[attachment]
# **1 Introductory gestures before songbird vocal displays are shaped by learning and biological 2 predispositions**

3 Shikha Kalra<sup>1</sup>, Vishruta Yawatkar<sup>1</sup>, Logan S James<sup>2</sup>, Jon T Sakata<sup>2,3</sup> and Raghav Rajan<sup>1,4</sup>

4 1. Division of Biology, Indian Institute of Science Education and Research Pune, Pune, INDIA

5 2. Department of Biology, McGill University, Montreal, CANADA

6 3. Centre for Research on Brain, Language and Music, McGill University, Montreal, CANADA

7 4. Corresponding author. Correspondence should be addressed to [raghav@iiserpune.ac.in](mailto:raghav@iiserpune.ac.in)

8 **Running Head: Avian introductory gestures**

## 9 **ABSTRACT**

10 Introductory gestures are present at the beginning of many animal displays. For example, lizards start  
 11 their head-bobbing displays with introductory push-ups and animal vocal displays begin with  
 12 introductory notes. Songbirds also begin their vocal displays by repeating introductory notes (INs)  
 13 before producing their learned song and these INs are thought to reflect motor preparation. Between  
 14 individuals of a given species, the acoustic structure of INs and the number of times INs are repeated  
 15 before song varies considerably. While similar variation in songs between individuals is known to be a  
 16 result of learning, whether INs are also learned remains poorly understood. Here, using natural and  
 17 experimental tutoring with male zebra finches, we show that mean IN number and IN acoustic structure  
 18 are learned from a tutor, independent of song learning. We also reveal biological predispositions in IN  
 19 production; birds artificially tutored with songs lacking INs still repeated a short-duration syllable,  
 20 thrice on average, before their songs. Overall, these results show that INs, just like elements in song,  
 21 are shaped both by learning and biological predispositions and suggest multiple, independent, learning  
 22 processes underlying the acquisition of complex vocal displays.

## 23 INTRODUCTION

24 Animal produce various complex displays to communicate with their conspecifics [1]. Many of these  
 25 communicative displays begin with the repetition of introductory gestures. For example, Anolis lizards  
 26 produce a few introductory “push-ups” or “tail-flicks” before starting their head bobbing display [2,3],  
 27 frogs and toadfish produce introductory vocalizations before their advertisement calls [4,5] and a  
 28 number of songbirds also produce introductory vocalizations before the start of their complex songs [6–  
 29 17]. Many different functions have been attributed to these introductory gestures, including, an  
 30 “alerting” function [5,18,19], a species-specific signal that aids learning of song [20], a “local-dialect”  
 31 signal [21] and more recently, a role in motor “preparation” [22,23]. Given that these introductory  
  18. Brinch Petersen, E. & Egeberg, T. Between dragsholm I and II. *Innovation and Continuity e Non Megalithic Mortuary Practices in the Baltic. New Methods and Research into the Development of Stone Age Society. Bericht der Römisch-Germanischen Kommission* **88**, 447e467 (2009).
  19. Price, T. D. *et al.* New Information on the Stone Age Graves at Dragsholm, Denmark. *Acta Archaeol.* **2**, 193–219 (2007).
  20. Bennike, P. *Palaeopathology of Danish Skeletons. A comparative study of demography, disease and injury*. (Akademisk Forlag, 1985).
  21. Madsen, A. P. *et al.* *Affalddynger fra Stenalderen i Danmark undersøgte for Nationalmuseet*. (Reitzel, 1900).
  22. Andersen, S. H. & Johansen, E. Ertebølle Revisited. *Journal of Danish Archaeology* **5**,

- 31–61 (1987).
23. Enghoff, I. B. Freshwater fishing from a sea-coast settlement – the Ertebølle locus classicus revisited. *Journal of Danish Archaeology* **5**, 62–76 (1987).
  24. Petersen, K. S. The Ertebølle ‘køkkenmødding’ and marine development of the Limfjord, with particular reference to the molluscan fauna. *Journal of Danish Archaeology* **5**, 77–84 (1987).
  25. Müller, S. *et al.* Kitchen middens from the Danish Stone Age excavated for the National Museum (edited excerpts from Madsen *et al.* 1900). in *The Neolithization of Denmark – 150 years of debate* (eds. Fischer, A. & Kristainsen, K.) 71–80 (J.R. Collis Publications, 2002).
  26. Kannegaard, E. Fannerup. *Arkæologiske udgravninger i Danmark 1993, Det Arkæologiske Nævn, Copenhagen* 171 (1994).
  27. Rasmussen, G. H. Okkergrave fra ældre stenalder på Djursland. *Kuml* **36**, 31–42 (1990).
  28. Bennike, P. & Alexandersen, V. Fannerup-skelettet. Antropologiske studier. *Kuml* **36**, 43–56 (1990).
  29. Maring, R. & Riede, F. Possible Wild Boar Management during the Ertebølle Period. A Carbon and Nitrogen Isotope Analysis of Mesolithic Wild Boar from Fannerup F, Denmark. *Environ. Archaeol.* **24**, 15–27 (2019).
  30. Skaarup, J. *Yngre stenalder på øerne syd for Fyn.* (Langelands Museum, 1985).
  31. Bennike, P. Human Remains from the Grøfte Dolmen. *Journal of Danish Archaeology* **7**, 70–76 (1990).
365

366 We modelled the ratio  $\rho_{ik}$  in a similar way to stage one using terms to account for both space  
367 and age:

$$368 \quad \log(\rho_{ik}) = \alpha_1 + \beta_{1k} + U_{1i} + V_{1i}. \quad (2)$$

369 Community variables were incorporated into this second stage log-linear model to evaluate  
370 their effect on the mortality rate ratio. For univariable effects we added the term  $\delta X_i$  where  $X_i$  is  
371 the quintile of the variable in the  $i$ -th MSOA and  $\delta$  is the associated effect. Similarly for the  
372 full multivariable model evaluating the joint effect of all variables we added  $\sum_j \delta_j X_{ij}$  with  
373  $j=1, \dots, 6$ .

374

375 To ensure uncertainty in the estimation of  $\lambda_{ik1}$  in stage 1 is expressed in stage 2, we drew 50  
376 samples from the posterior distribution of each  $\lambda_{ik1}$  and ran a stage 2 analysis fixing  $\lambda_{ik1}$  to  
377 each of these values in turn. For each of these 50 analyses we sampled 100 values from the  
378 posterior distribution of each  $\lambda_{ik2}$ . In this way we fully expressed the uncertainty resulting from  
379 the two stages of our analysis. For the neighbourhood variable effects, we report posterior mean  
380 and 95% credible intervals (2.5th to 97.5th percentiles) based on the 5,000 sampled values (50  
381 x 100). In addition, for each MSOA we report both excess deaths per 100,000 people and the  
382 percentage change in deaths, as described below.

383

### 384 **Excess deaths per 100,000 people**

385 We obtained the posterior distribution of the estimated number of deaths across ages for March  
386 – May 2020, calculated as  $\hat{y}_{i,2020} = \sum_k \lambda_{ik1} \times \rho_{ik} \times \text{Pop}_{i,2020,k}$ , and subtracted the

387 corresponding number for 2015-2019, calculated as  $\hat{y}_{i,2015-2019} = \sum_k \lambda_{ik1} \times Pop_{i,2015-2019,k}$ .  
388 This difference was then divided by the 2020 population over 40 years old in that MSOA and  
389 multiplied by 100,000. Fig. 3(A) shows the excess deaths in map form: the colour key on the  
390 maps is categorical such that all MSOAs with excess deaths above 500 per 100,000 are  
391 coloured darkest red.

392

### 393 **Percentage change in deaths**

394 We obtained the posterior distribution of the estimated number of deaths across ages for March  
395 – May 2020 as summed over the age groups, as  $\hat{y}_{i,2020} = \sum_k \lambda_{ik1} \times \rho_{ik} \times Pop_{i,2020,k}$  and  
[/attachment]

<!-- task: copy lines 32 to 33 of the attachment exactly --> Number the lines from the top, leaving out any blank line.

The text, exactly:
  19. Price, T. D. *et al.* New Information on the Stone Age Graves at Dragsholm, Denmark. *Acta Archaeol.* **2**, 193–219 (2007).
  20. Bennike, P. *Palaeopathology of Danish Skeletons. A comparative study of demography, disease and injury*. (Akademisk Forlag, 1985).